The other day I quoted Mike Hoseus from CQPO. He is co-author of the Toyota Culture book. There is a another story that he shares in the book about the importance of a continuous improvement mindset throughout an organization. So without further ado, here is the quote:
On a visit to Japan, I was touring through an office at a Toyota plant and the supervisor wanted to show me an example of a suggestion that an administrative assistant had just implemented. He took me to her desk and grabbed a Number Two wooden pencil. He asked me, “What do you do with the pencil after you work your way down and there is only a couple of inches left?” Being quick on my feet and showing my “knowledge of waste elimination,” I responded, “I use it all the way down to where I can no longer hold it with my fingers, and then I throw it away.” He said, “Exactly. That is what most do.” But then he opened the drawer and had the assistant proudly display the collection of pencils that had two of the “no-longer-usable” pencils taped together in order to get the use of another couple of inches of lead. I was impressed. Here was one of the richest companies in the world taping pencils together for another inch of lead. On the way out, my trainer commented, “think of the power of your organization when you have all the members thinking like this.”
That final quote really impacted me.
“think of the power of your organization when you have all the members thinking like this.”
Our organization is about 85k strong. We are making some headway in creating a culture of waste elmination but I’m afraid we still haven’t started taping pencils together. The real problem is that most of our population uses mechanical pencils :-P
Ron Pereira says
You know what, Craig? Even though I think you were half joking about the mechanical pencil comment… I think there is really something to this.
When you use a mechanical pencil there is really very little waste. You can pretty much use the lead to the end. Sure, there are times when the lead gets too short and you just pull it out and tap a fresh piece in… but work with me here.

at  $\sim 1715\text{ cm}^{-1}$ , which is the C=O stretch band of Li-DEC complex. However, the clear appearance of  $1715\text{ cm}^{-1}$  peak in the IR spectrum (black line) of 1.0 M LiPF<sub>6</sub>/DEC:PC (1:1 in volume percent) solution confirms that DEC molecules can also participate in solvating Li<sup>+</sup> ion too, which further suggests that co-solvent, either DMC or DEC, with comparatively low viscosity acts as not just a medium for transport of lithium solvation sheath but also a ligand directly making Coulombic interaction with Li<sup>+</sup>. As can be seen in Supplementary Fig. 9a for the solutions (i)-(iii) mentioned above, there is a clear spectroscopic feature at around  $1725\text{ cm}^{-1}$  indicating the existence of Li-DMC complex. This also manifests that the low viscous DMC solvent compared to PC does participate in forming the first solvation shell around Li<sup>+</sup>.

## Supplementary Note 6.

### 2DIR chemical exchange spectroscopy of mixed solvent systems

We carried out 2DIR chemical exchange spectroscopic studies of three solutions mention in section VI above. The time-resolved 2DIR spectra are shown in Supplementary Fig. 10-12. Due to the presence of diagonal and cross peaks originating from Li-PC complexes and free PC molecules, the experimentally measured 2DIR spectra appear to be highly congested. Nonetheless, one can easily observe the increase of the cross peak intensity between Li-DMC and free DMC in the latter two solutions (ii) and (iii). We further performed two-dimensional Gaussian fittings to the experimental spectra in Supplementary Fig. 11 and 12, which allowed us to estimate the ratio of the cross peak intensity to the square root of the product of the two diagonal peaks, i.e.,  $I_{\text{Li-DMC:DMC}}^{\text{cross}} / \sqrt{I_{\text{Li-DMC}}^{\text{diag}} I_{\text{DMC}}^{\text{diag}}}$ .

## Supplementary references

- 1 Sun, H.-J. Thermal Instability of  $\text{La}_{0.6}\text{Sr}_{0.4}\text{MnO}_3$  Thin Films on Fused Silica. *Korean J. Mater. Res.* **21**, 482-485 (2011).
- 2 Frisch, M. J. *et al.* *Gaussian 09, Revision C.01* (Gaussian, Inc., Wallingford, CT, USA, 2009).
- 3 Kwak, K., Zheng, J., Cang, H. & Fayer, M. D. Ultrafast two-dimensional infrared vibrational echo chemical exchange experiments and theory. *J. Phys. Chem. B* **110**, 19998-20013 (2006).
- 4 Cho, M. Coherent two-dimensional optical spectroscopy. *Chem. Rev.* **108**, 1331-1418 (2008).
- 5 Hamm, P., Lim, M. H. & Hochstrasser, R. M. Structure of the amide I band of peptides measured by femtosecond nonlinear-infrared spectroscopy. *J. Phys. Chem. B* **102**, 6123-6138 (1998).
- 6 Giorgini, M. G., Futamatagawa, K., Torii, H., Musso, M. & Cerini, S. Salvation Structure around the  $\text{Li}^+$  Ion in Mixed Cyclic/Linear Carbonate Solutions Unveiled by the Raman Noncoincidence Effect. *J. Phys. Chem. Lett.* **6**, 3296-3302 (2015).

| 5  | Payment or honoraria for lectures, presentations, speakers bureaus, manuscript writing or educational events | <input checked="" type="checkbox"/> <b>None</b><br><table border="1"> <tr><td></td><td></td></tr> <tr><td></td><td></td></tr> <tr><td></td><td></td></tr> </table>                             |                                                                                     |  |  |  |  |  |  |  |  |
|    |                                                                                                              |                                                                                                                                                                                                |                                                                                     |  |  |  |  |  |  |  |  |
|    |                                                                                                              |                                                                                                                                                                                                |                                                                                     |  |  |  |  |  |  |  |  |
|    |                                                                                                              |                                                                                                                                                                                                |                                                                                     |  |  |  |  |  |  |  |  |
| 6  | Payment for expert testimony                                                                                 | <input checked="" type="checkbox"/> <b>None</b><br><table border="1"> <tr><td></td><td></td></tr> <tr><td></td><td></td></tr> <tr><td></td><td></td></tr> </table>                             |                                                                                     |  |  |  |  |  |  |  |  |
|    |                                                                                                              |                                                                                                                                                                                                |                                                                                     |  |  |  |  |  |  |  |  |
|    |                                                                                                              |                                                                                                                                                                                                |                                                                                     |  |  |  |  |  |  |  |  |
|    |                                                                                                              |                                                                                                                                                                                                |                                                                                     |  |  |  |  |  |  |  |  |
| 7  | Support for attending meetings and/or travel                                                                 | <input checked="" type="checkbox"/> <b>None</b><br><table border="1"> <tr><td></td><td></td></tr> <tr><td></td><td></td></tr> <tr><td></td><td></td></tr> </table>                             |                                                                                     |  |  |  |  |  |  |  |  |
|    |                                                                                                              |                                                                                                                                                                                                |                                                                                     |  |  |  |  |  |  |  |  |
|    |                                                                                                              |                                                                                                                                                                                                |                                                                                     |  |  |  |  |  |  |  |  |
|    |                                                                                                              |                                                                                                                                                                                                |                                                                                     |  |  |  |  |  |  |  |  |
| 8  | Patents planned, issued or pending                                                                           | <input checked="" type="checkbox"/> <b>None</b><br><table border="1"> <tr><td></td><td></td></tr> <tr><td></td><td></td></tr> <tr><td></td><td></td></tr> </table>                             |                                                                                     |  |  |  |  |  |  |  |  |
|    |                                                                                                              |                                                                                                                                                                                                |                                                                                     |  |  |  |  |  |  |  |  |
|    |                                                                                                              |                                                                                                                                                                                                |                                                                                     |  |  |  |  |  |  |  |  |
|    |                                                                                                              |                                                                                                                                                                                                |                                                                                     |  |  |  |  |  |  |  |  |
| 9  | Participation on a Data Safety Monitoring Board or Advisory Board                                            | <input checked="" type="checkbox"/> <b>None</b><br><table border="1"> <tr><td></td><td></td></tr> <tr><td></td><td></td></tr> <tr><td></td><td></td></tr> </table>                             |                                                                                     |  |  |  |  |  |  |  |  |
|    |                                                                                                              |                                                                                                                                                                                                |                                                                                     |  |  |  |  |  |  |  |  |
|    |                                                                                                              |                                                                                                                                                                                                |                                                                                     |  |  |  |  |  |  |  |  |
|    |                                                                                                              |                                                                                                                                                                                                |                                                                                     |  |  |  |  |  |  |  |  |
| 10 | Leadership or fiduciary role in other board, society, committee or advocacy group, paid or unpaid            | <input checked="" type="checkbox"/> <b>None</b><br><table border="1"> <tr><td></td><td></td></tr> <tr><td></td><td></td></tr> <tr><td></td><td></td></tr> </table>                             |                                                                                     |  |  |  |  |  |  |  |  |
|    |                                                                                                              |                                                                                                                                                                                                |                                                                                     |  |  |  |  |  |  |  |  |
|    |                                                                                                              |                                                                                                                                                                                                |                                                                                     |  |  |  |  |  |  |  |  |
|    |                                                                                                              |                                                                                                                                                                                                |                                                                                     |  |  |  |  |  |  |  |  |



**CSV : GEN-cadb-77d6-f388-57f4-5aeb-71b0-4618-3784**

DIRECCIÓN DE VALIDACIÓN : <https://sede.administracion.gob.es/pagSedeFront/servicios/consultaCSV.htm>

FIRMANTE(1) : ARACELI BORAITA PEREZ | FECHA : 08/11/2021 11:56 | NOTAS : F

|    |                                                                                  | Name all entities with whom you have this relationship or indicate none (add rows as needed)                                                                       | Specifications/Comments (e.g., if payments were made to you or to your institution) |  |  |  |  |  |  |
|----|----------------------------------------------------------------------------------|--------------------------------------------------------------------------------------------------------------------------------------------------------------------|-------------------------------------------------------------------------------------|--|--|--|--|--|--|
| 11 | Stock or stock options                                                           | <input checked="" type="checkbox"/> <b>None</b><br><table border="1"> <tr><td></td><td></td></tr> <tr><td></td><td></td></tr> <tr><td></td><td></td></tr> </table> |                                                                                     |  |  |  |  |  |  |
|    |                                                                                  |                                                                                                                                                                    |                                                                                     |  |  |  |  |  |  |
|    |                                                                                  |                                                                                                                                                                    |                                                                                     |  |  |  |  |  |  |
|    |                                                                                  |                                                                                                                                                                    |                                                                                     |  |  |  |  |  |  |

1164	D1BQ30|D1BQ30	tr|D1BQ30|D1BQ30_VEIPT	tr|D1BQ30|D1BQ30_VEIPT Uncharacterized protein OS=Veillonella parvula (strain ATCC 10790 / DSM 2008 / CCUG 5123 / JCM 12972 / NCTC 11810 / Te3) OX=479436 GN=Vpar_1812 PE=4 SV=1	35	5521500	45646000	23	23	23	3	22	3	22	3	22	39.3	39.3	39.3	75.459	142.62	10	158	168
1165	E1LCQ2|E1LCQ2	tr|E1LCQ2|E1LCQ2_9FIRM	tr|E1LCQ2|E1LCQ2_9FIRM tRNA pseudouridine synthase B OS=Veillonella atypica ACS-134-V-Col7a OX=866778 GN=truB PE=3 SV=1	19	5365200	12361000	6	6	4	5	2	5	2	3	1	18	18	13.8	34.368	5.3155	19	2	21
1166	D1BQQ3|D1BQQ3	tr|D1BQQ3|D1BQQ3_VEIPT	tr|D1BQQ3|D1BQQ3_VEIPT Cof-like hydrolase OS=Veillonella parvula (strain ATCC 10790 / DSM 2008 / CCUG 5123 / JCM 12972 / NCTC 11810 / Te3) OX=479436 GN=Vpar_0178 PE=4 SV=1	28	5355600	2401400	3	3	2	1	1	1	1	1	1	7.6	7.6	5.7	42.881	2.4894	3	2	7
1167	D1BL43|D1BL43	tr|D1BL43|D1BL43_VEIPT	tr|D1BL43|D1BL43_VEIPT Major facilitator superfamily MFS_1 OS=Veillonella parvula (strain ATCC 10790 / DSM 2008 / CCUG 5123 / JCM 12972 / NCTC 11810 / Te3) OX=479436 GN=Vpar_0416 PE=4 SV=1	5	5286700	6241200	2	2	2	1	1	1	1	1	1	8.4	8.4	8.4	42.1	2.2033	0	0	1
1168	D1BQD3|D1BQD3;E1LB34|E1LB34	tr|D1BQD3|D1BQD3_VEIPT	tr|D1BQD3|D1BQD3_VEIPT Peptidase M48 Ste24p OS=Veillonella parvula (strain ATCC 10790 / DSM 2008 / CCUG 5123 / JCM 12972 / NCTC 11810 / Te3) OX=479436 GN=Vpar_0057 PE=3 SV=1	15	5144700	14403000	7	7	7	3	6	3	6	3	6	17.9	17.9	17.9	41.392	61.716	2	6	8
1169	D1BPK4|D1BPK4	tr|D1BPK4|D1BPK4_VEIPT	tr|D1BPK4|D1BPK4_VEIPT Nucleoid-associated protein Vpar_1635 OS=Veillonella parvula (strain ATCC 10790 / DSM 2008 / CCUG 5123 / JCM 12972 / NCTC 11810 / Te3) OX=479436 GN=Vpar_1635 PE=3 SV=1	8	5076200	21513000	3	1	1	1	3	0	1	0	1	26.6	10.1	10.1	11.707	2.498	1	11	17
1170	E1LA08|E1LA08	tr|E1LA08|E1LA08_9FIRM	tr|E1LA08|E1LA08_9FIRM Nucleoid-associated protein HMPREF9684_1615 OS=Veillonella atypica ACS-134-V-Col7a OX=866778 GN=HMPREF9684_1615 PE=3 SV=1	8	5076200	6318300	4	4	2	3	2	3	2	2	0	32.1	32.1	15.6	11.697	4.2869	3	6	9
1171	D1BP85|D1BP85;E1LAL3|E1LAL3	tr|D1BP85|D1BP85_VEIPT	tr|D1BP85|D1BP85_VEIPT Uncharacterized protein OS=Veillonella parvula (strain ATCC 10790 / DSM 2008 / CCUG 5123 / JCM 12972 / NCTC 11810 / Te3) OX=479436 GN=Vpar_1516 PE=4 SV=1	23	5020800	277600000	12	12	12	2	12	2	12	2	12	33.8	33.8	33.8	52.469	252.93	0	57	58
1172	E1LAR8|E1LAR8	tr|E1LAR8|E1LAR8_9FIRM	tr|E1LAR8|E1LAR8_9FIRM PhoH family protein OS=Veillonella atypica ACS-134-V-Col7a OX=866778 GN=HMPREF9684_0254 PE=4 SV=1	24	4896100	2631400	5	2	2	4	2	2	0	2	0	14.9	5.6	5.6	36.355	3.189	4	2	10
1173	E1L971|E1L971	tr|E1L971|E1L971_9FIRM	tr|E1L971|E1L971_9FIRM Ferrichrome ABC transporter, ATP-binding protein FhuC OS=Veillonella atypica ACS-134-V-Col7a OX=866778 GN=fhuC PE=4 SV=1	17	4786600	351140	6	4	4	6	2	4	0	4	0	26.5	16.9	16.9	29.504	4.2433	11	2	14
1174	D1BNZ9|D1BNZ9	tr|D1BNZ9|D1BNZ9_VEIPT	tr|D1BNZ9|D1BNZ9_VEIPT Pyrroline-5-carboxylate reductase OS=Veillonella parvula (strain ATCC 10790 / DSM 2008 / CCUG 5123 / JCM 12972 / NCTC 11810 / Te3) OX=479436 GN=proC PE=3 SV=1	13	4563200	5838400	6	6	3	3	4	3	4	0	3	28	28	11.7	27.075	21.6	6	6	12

Well, when I was in Japan last week one manager explained how their employees get on their hands and knees to scrub the floor.
I wondered why they didn’t use a big rotating cleaning machine where you can clean, wax, and polish in no time at all. So we asked him.
He (the Japanese manager) gave us this “well our people can ‘feel’ the dirt better on their knees” or something like this.
I am not buying it. I think the rotating cleaning machine and automatic pencil are superior and will more than pay for themselves when you think about how many widgets someone can make when they don’t have to crawl around on the floor all day… or tape pencils together.
Of course, I know it’s the “thinking” of Toyota that is impressive. As I said on my blog… Toyota blew me away when I visited them.
So, who am I to challenge their pencil taping ways?
The problem with taping two pencils together is that you can never use the last pencil.
A small tube of aluminum into which pencil ends could be taped seems a better option.
Or start using clutch pencils – it eliminates the wood component altogether.
mike t says
They could be adding value instead of scubbing the floors by hand…
What does that work jidoka mean again?
Or at least they could do the cleaning standing up with wide microfiber mops and stuff.
I’ve read many speed cleaning books in the last few years. I had to i got sick of my place being very messy instead of being very clean. The best few books seemed to have lean processes and concepts to me. This hands and knees thing seems absurd.